Changes in Ultrastructure of Bark Cells and Slippage of Bark in Poplar Plants when Grown under Short-day Photoperiods

in HortScience
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  • 1 Dept. of Horticulture, ALS 4017, Oregon State Univ., Corvallis, OR 97331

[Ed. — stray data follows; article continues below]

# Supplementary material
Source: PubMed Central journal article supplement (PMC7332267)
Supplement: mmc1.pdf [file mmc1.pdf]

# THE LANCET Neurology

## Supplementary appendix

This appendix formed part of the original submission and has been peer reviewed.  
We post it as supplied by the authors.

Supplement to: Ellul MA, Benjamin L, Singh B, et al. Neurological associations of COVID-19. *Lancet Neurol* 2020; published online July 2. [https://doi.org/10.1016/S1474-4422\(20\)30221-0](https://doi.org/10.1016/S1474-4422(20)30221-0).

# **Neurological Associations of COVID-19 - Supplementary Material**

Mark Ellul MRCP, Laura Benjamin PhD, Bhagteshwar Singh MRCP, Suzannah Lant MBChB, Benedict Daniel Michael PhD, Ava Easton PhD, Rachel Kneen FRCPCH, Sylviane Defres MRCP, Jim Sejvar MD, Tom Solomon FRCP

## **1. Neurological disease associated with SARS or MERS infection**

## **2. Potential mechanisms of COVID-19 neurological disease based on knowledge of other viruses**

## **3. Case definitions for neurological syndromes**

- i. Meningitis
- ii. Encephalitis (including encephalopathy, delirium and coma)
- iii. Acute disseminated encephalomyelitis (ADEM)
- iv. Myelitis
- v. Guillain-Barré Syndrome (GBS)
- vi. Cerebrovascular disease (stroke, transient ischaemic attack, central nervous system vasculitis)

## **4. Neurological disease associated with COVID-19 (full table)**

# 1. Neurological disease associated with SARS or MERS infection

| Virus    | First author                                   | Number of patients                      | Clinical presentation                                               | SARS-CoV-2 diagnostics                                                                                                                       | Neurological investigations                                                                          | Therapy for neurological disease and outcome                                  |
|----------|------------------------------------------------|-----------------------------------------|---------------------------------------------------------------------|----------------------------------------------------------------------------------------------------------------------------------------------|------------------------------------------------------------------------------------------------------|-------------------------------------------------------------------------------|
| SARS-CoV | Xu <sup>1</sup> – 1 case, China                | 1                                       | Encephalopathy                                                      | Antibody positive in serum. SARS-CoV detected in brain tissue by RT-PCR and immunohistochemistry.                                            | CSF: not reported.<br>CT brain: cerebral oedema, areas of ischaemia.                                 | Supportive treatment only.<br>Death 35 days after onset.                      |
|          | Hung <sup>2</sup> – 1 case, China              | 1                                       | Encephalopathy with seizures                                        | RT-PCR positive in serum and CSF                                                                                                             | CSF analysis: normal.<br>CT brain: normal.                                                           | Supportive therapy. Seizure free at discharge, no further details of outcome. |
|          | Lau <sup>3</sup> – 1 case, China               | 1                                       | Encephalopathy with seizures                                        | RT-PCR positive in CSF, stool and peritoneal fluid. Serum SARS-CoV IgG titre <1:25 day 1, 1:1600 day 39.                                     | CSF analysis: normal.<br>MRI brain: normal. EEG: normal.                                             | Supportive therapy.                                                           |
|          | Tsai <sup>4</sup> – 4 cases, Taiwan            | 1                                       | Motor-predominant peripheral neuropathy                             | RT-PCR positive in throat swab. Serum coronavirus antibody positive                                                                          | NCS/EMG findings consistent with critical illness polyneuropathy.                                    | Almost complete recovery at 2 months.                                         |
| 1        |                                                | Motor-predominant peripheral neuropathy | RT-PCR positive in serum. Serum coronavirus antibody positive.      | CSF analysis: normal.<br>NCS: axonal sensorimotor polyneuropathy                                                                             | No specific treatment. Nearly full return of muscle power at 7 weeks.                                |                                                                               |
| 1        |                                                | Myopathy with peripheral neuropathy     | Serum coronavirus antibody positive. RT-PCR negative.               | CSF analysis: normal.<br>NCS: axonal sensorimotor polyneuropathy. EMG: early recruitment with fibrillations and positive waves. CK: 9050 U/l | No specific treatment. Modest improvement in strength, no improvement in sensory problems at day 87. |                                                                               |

The development of bud dormancy in poplar plants is initiated by short-day photoperiods (SD). During the development of bud dormancy, there was a gradual increase in the force required to peel off the bark from the stems. We measured the force required for bark peeling and investigated the cellular changes associated with this phenomenon. Stem samples were collected from plants which had been grown under SD for different period of time up to 10 weeks. At each sampling date, the forces required to peel off the bark were measured by a tensiometer. At the same time, samples were fixed to examine ultrastructural changes by transmission electron microscopy. We have observed that there was a significant increase in the force (in Newtons) required to peel off bark from poplar stems when the development of dormancy was initiated by SD treatment. Many ultrastructural changes were observed, including the accumulation of bark storage proteins, the break down of the central vacuole to form many small vacuoles, thickened cell walls, etc. Efforts have been made to relate ultrastructural alterations to changes in the force required for bark peeling.

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